I must try harder to be grateful for what I do not have
You know what the problem with you is?” said my therapist in his all-knowing voice. “You are not grateful enough.”
Now, I’ve always thought of myself as a grateful sort of girl. The thing is that I don’t have very much to be grateful about.
Consider the main influences in my life: my family. I didn’t choose my parents or the location of my birth. I didn’t choose to be born in a hot, steamy city called Chennai where everyone knew each other’s business and if they didn’t, it was because the person was either dead, injured or worst of all, boring. I didn’t choose to be born with a sibling whose only answer when I discussed job issues, partner problems or even how my intestines seem to be expanding with every passing day was the single line reply: “Shoba, please. Meditate, I beg you.”
Now, my shrink was joining the party by suggesting that I wasn’t grateful enough.
It seemed like a vast conspiracy theory invented by those who are supposedly near and dear to me. It seemed like dodgy ideology, if you asked me – and nobody was. That was the galling part. Here I was, simmering with unspoken anxieties and frustrations and the best that my paid and unpaid loved ones could come up with was that I meditate and be grateful?
When I studied psychology in college, the focus of the field was on mental disease: schizophrenia and depression, mania and paranoia. These were massive, real psychological problems that required hours of therapy and going deep into the psyche. It required the study of Freud, dreams, infantile fantasies and compulsive dysfunctional behaviours. It was a proper science with no proper answers.
How the world has changed. Today, a burgeoning field called positive psychology has become the focus of the field, both among experts and laypeople.
Scholars are studying grit and character and how these will improve grades in school. They are writing books with punchy titles such as Will Power and Flourish. All of them focus on going from good to great. The demons of psychology past, which were held under the umbrella, “abnormal psychology”, are not for practitioners of this field. No, they want to analyse and discover ways of being happier.
They want to figure out how the mind connects to the body and how the two connect to the soul, if possible. They talk about prayer as a way to improve the self, something that was considered heretical by my psychology professors of yore. It is in this context that my therapist brought up gratitude: feeling thankful; counting your blessings. As it turned out, all those pithy proverbs that your grandmother said were true. Gratitude is a powerful tool for well-being, according to recent research on positive psychology.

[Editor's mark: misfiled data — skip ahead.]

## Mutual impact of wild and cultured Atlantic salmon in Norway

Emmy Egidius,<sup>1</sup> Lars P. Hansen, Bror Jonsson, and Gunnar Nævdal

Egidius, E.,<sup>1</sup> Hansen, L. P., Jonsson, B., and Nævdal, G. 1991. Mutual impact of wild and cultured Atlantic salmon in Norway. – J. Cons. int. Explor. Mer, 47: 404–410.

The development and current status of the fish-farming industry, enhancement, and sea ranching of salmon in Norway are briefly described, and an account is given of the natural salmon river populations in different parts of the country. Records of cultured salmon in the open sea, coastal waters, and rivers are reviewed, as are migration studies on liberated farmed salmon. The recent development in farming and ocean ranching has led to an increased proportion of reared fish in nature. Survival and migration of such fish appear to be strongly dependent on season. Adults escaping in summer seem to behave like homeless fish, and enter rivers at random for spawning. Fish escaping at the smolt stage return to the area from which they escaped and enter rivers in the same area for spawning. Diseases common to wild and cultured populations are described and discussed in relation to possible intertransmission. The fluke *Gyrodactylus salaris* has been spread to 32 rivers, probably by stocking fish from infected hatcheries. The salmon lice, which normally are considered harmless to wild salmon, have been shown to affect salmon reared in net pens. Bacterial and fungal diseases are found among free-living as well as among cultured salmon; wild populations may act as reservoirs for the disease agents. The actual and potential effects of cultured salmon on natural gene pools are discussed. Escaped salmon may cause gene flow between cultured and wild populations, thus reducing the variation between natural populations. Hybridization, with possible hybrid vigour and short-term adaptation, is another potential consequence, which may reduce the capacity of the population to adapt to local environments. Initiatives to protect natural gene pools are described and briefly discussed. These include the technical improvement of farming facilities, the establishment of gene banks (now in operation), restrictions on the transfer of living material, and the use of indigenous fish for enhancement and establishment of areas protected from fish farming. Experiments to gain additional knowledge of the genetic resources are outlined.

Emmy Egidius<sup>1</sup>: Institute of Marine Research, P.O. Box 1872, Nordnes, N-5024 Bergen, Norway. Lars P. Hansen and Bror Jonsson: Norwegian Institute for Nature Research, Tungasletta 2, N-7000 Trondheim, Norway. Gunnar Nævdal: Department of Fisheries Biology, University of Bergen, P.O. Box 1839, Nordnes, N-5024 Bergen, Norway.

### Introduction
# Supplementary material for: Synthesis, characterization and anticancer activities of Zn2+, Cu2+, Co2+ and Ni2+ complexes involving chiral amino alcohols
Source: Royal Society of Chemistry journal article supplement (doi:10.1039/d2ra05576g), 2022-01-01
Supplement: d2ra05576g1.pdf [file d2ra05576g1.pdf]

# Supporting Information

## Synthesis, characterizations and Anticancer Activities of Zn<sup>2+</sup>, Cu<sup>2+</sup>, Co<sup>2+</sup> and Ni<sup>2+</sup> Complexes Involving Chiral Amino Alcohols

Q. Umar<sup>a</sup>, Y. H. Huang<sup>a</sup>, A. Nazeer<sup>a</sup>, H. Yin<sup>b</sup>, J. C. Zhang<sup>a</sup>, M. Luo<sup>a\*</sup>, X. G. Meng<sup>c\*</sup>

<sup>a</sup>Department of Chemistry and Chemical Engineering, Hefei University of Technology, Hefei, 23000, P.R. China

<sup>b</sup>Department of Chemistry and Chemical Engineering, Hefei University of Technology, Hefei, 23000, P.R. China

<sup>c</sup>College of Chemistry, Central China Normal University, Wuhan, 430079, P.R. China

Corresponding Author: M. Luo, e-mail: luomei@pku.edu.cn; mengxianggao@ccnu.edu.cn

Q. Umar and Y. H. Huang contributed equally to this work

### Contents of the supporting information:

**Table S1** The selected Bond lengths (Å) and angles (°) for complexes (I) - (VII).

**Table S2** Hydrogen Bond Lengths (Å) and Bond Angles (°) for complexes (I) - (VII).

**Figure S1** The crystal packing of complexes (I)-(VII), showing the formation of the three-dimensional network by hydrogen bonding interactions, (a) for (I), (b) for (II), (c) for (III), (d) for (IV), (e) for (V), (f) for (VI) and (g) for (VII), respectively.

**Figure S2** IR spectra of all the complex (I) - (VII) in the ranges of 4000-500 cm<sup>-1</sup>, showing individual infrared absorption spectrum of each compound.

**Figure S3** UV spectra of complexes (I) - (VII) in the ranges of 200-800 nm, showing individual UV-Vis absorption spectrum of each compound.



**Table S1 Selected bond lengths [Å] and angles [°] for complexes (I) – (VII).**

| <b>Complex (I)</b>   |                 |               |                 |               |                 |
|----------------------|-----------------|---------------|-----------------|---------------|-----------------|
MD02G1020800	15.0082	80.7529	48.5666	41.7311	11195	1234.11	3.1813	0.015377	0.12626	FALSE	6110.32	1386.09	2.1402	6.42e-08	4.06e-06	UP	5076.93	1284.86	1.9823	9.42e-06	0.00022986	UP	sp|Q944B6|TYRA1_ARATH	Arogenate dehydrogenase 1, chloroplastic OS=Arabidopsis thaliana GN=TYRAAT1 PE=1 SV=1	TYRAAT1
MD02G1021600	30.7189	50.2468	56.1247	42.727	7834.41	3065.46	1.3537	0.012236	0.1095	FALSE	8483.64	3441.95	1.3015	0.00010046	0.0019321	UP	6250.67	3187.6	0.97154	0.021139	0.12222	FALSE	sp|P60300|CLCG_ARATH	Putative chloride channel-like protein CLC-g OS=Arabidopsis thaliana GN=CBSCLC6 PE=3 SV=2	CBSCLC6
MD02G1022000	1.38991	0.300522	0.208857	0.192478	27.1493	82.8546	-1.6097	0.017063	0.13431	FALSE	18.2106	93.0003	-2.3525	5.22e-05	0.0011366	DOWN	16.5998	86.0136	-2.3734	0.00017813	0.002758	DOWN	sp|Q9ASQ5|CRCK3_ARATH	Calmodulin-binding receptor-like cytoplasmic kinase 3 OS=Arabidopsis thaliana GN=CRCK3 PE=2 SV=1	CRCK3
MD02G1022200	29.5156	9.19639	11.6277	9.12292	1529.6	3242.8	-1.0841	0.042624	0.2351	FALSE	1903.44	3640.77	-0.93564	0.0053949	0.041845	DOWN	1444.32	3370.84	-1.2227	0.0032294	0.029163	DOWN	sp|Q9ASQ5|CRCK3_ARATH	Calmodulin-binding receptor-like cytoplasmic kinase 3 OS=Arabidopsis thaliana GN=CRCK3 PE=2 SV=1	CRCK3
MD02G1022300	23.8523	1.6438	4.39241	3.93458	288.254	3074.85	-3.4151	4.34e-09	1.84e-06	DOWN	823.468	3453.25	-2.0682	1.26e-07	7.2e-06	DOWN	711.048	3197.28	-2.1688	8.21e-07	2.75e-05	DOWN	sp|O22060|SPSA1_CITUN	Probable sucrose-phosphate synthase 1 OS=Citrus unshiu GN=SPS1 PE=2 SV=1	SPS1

My homework was simple. Every day, at the end of the day, before retiring to bed, I was to list three things that I was grateful for; three things that happened that day if possible. Then, I was to figure out why I was grateful for them.
“I am glad I didn’t eat potato chips today,” I began. As for why I was grateful, I said, “Because they weren’t in the pantry.”
This made me feel a little silly. I felt obliged to be grateful about more substantive things.
“I am grateful that I don’t have a life-threatening disease,” I said. As for why, I said: “At least I think I don’t have a dreaded disease. Who knows what my body is harbouring.”
My therapist shook his head. “Don’t mix up your latent pessimism with this exercise,” he said. “This is all about feeling good.”
But I didn’t feel good. I was – much like Jerome K Jerome who believed that he had every disease except housemaid’s knee – worried about what I had.
“Let’s try again tomorrow,” said my therapist. “And this time, try really hard to be grateful.”
I walked out of his office. Boy, was I grateful that my session was over.
Shoba Narayan is the author of Return to India: a memoir
Updated: May 6, 2014 04:00 AM